Neither ISIL nor any other group has claimed responsibility for the attack in Suruc. Turkish officials have said that they believe the attack was retaliation for Turkey's recent steps against ISIL fighters.
Suruc is across the border from the Syrian city of Kobane, the scene of fierce battles between Kurdish groups and ISIL. Kobane's recapture was ISIL’s biggest defeat last year, after it established control over swaths of Iraq and Syria, and the city has become a symbol of Kurdish resistance against the group.
The explosion in Suruc came just weeks after Turkey deployed additional troops and equipment along parts of its border with Syria, concerned about the risk of spillover as fighting intensifies between Kurdish forces, rebel groups, Syrian government troops and ISIL members.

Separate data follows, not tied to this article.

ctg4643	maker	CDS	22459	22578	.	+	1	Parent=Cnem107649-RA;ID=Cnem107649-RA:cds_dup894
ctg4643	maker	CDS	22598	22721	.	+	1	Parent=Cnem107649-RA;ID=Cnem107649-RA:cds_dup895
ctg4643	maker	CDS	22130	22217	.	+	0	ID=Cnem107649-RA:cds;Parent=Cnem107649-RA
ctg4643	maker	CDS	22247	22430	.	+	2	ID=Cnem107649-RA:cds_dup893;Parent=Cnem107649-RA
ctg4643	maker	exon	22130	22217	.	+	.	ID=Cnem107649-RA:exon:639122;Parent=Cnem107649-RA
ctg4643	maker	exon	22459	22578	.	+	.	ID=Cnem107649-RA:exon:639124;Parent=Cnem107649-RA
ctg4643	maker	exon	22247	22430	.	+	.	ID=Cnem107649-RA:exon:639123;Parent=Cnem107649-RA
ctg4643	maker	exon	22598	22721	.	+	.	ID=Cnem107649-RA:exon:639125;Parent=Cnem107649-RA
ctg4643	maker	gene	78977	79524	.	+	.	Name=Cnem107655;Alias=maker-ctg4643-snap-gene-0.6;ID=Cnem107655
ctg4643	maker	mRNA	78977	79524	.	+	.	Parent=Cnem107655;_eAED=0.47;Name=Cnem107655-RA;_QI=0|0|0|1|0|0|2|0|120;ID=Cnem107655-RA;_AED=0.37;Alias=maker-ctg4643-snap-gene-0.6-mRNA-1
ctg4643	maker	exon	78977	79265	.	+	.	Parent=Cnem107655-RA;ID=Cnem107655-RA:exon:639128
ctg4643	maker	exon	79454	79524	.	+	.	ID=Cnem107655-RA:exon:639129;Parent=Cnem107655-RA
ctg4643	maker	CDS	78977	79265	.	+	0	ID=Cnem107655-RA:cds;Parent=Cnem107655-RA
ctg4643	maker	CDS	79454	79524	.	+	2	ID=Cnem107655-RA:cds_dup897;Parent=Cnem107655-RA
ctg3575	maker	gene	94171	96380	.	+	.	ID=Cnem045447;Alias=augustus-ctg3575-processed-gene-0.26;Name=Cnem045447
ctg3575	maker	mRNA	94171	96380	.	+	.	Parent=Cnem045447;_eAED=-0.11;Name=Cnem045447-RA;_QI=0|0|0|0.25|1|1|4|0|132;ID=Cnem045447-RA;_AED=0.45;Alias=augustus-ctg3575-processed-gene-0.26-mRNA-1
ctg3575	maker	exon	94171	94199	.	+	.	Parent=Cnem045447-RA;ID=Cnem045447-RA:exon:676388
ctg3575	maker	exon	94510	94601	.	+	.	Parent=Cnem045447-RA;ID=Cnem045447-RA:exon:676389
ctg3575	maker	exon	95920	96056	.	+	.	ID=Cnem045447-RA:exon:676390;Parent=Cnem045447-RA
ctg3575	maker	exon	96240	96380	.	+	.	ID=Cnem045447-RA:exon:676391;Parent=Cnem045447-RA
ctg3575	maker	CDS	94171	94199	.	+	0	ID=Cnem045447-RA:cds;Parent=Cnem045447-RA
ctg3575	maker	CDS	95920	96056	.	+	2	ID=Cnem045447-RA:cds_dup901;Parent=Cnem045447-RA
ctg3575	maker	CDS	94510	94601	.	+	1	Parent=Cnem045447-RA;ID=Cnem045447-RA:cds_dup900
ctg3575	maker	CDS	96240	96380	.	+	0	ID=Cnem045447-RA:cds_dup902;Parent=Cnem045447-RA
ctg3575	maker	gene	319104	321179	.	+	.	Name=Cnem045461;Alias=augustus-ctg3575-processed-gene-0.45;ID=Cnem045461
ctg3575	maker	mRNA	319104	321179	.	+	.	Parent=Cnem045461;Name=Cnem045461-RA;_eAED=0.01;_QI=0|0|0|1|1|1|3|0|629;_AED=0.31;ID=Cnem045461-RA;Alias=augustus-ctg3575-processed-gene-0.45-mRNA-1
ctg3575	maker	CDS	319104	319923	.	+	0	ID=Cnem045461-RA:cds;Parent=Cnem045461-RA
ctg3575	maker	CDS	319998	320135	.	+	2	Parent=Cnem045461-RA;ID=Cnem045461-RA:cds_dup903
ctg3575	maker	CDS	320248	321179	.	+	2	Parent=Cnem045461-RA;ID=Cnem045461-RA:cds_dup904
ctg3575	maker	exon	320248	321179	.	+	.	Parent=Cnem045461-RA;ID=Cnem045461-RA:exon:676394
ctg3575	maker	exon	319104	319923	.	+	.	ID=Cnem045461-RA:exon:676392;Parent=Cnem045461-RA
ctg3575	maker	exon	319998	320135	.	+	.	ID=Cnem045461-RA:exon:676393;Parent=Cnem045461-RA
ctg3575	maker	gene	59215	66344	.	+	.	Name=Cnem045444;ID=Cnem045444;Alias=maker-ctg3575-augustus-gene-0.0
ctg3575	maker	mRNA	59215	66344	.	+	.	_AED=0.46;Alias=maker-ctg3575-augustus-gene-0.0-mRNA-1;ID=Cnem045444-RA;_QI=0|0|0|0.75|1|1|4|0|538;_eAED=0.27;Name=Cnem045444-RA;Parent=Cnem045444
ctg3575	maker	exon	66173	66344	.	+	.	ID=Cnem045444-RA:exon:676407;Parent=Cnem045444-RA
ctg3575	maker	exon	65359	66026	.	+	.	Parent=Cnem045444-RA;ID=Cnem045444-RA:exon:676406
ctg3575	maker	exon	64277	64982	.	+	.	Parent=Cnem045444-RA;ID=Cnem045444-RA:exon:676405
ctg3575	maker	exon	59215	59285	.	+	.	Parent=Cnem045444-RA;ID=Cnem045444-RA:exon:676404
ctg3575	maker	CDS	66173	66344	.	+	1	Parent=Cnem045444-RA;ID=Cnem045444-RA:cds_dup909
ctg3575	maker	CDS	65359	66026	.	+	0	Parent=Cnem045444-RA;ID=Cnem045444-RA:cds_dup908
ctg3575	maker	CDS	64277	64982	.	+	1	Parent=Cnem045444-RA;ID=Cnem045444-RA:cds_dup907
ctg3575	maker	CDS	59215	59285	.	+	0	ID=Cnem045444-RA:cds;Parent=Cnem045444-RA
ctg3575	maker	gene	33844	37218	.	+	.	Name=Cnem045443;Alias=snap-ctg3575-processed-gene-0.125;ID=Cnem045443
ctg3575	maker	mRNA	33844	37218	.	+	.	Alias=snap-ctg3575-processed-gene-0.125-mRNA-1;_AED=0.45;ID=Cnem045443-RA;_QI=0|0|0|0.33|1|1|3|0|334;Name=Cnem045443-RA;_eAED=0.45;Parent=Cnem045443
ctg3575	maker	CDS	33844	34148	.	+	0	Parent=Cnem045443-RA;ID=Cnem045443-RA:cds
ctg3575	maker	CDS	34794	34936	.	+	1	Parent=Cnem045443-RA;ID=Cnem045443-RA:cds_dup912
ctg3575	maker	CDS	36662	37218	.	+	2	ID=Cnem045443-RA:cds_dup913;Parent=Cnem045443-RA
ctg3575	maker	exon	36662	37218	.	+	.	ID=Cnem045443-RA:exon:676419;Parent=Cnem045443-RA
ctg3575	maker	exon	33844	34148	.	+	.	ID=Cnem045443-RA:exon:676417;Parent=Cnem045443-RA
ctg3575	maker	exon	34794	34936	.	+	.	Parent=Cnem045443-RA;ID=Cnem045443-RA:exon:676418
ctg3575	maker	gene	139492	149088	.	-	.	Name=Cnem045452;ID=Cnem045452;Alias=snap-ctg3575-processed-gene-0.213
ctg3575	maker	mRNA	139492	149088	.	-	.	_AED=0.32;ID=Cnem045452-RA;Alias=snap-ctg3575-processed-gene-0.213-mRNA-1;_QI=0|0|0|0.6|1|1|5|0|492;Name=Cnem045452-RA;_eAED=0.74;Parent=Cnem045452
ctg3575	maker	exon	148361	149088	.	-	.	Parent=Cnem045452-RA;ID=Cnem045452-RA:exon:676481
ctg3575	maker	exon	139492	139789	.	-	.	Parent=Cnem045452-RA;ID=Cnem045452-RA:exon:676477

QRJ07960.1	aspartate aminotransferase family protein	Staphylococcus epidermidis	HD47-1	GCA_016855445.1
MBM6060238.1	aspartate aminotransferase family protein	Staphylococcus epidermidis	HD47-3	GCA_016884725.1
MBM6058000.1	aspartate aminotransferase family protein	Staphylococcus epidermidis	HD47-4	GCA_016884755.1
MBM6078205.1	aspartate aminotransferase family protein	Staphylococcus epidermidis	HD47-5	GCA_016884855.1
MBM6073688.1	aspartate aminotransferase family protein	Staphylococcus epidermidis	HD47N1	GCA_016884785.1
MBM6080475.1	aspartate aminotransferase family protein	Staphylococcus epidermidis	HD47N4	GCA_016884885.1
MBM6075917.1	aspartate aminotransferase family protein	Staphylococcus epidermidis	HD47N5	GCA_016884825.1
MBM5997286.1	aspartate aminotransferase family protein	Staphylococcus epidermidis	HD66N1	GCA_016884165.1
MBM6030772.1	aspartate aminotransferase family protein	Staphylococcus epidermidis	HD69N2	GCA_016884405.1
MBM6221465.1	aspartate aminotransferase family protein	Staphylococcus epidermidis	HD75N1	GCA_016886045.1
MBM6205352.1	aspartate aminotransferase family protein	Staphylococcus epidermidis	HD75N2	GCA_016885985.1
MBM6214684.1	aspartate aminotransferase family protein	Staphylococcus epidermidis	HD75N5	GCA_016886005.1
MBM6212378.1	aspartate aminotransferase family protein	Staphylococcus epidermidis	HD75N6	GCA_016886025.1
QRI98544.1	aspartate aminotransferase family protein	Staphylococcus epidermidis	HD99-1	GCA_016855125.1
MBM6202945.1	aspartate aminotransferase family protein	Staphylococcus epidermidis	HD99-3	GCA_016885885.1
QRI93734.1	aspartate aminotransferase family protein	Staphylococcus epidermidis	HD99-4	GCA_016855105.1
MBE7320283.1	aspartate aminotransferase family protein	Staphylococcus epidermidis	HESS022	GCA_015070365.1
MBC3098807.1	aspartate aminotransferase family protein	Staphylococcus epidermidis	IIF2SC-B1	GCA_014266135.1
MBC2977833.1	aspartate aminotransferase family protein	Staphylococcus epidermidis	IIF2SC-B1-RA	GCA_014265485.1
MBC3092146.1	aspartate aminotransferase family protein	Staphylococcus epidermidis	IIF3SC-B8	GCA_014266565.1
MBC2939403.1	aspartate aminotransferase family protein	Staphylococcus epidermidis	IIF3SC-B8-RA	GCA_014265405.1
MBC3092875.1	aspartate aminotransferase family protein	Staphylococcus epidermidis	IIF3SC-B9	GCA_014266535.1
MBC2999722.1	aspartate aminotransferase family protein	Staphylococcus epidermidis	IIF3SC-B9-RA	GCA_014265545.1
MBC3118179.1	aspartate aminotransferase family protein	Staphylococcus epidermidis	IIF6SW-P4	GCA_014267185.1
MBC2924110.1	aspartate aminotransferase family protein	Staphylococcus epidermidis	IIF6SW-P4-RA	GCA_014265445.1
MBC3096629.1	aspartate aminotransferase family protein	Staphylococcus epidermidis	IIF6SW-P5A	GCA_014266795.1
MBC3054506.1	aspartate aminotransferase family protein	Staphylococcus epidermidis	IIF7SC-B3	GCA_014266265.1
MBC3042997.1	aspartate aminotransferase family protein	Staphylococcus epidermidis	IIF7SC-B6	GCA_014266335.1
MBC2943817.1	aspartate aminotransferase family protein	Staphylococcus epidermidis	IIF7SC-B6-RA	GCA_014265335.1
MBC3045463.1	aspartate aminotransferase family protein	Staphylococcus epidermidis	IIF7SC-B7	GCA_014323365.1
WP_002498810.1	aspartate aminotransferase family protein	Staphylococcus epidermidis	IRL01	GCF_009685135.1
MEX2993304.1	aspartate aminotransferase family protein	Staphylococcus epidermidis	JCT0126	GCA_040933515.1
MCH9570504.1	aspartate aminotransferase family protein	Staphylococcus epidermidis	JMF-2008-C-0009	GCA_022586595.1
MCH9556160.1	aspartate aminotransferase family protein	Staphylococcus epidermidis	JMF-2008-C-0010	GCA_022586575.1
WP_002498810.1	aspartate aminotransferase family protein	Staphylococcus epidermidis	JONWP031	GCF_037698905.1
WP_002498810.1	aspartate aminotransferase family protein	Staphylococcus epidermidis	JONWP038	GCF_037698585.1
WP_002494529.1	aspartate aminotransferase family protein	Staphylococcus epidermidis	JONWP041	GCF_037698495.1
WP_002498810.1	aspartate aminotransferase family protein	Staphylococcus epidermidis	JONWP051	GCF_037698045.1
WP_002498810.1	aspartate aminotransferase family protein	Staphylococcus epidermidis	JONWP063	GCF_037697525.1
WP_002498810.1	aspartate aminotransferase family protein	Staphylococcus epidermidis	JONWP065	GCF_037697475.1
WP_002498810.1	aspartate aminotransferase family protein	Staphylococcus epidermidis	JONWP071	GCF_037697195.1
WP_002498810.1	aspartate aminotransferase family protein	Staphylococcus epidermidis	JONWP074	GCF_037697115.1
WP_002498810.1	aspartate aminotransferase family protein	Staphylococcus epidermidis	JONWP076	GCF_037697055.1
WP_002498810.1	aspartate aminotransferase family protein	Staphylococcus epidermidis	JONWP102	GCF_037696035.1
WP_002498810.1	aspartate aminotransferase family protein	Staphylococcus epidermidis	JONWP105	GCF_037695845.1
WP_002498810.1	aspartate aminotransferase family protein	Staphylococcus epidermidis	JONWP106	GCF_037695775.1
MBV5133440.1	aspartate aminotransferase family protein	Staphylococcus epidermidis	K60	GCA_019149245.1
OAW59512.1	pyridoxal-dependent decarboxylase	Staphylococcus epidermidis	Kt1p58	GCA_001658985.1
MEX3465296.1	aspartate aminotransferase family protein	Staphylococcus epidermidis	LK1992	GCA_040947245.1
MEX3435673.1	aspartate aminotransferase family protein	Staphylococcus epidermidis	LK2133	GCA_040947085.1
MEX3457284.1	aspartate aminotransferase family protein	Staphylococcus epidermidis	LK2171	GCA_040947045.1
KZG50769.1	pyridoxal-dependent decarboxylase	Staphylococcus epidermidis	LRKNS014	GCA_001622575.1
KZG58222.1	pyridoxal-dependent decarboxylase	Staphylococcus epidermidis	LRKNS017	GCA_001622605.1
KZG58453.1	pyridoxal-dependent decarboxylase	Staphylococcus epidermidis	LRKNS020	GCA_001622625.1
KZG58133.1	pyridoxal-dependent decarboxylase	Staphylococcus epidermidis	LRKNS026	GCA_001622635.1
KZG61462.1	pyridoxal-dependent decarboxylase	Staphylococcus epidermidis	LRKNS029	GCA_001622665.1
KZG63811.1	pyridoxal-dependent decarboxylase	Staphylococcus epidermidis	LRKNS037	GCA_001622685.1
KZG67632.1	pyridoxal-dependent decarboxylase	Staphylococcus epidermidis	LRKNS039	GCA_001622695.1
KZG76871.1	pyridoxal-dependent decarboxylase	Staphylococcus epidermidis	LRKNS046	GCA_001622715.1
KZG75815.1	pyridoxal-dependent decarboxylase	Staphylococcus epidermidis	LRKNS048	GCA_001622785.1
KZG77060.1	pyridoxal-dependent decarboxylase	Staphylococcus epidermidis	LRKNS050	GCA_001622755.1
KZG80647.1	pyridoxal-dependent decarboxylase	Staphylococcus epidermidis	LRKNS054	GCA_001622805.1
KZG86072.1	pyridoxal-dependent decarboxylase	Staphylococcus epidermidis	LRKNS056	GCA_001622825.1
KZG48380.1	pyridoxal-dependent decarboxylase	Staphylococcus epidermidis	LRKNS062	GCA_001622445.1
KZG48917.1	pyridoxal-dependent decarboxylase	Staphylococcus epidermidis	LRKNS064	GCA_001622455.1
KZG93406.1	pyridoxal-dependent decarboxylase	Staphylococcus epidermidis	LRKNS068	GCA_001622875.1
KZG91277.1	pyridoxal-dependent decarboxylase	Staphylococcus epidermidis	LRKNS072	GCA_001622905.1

Turkey's leaders have said that they do not plan any unilateral military incursion into Syria but that they will do whatever necessary to defend the country's borders.
Ankara fears any disorder in the border area could reignite an armed Kurdish rebellion that has killed some 40,000 since 1984. It would also concern Western allies, which seek greater controls on a porous frontier that serves as a front line in the battle against ISIL.
Monday's blast occurred at a cultural center while the Federation of Socialist Youth Associations was giving a statement to the press on Kobane's reconstruction.
Al Jazeera and wire services